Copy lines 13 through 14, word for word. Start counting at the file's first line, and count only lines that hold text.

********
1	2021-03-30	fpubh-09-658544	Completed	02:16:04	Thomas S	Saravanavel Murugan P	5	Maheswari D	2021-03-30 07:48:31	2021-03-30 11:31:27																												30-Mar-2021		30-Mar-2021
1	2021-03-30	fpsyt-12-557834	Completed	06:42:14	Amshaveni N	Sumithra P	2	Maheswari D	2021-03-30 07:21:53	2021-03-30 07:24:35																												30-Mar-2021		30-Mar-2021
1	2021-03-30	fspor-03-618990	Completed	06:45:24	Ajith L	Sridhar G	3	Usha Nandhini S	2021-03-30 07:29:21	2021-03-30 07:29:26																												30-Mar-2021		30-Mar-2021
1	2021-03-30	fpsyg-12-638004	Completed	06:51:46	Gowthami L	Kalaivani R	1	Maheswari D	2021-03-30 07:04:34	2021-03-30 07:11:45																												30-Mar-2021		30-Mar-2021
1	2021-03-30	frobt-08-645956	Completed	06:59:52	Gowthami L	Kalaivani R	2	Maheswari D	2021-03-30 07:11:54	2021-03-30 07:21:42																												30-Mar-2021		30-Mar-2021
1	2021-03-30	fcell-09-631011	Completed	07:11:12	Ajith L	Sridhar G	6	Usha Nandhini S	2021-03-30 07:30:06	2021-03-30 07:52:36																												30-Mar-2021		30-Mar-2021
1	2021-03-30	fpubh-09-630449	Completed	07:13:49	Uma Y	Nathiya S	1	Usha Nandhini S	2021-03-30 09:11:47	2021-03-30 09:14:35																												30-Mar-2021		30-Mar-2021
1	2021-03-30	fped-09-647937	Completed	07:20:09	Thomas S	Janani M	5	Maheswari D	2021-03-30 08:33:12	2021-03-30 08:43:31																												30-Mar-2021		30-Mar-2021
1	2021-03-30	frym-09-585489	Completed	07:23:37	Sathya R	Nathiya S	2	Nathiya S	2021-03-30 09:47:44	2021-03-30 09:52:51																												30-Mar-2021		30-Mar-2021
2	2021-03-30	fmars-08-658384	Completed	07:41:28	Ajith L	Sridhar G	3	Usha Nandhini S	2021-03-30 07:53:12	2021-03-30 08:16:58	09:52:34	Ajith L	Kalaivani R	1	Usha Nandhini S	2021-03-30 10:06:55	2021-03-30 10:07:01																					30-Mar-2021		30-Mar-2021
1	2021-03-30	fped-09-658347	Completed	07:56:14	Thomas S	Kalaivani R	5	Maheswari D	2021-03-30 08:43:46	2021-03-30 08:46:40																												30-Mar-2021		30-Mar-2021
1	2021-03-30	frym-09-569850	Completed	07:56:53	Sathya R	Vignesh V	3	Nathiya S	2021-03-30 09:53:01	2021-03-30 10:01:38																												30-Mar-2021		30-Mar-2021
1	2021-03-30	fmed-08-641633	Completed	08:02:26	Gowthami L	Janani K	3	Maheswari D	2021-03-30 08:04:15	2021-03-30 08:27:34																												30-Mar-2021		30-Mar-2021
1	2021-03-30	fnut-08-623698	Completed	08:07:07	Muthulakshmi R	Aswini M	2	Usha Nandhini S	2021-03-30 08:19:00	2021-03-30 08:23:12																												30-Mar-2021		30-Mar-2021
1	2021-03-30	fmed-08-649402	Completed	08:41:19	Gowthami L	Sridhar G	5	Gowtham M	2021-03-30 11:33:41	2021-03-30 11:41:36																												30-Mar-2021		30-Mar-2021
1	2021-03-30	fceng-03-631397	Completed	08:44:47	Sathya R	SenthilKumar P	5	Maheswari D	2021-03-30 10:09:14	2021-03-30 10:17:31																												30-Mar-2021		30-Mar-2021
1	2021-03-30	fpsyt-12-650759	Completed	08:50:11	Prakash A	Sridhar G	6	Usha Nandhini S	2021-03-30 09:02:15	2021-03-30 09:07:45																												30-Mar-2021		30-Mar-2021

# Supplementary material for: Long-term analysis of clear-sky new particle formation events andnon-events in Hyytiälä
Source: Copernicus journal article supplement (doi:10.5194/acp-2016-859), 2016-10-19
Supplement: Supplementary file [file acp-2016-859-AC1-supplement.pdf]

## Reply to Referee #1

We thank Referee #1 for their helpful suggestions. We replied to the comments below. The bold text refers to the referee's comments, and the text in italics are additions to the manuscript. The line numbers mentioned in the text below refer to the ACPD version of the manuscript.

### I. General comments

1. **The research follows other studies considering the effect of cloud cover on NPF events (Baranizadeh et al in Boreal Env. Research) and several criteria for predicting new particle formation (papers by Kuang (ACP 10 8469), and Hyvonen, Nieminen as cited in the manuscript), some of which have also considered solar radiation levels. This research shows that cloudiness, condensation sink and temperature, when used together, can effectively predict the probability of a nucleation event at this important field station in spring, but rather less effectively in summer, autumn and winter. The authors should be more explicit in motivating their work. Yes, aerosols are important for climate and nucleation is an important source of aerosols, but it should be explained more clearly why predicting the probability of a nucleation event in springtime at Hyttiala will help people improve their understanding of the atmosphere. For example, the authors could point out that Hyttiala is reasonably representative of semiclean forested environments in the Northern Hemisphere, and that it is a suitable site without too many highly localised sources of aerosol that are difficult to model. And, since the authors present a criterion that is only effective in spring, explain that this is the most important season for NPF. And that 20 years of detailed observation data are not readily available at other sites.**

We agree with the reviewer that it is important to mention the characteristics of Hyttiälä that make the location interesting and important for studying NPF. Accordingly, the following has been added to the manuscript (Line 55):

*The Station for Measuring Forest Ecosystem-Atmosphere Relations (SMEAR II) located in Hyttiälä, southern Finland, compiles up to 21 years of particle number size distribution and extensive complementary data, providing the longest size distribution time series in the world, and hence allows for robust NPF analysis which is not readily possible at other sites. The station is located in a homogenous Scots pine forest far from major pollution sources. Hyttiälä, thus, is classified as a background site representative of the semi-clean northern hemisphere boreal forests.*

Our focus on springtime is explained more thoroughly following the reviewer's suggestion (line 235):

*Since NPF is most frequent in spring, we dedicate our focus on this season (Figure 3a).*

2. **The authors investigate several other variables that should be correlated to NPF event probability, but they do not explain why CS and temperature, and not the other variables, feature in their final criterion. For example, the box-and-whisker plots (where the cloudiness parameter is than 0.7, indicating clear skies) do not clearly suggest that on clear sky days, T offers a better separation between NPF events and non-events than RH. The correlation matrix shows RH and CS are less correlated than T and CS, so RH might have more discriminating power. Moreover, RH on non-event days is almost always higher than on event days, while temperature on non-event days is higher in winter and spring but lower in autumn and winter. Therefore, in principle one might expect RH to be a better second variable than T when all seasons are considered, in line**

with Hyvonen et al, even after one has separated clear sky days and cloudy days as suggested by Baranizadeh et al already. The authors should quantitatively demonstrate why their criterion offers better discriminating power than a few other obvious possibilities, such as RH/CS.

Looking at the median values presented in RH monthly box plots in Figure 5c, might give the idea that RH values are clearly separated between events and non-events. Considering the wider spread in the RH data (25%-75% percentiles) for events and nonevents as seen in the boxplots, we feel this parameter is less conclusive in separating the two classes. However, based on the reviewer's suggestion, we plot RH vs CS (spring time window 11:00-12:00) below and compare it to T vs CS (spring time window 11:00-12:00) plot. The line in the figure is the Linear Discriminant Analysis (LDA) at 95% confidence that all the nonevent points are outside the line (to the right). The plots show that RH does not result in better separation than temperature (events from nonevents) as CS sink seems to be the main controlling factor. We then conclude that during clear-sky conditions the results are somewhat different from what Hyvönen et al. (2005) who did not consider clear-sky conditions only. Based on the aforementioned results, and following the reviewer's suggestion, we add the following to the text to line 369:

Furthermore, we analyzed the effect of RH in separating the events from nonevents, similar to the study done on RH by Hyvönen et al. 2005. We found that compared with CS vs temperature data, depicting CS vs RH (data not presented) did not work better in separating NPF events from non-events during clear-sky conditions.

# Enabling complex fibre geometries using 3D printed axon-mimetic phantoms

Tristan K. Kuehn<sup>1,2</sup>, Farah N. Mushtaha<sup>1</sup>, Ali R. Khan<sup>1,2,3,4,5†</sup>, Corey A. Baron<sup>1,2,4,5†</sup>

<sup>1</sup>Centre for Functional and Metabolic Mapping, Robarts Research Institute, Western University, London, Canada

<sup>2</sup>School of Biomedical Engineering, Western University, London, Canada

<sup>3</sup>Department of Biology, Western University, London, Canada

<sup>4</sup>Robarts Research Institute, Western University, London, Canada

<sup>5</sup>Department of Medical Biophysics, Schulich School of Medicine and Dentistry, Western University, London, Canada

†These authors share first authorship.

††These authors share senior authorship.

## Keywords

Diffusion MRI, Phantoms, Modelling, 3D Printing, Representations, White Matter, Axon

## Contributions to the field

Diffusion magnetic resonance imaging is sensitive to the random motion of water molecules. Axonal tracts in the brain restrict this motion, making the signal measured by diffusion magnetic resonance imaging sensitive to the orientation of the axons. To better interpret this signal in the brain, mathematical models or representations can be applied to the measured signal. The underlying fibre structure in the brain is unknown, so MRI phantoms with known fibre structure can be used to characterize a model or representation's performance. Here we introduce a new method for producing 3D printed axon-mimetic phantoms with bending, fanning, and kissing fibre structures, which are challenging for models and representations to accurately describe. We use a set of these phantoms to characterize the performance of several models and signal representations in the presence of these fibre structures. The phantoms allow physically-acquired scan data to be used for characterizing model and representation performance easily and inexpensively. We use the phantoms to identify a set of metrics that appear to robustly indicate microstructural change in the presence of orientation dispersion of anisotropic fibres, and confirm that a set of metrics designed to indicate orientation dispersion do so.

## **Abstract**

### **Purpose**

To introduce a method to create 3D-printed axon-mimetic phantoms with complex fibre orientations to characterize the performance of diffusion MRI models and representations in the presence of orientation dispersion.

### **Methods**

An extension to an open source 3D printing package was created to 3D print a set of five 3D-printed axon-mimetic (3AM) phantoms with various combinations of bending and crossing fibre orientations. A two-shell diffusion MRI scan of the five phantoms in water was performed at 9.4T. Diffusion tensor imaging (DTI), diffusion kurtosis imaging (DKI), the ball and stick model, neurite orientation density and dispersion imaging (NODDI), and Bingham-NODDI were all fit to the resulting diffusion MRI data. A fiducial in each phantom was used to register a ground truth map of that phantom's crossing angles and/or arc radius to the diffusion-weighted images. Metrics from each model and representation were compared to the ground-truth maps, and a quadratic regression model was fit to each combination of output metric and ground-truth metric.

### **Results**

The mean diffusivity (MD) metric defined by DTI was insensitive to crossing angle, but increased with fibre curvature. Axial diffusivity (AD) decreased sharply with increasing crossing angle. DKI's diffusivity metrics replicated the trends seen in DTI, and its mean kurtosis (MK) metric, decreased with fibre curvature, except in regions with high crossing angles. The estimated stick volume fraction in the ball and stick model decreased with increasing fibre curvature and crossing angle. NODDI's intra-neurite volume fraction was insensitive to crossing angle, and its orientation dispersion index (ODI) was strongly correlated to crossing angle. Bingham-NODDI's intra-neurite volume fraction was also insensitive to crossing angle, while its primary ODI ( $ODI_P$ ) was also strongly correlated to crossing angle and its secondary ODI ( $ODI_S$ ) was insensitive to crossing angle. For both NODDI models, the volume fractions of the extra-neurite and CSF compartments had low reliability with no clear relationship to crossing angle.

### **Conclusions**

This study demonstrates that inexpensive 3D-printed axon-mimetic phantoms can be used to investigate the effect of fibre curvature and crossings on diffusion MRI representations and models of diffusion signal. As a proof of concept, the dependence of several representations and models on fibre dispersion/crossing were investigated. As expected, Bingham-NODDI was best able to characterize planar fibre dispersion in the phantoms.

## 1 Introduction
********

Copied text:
1	2021-03-30	fmed-08-641633	Completed	08:02:26	Gowthami L	Janani K	3	Maheswari D	2021-03-30 08:04:15	2021-03-30 08:27:34																												30-Mar-2021		30-Mar-2021
1	2021-03-30	fnut-08-623698	Completed	08:07:07	Muthulakshmi R	Aswini M	2	Usha Nandhini S	2021-03-30 08:19:00	2021-03-30 08:23:12																												30-Mar-2021		30-Mar-2021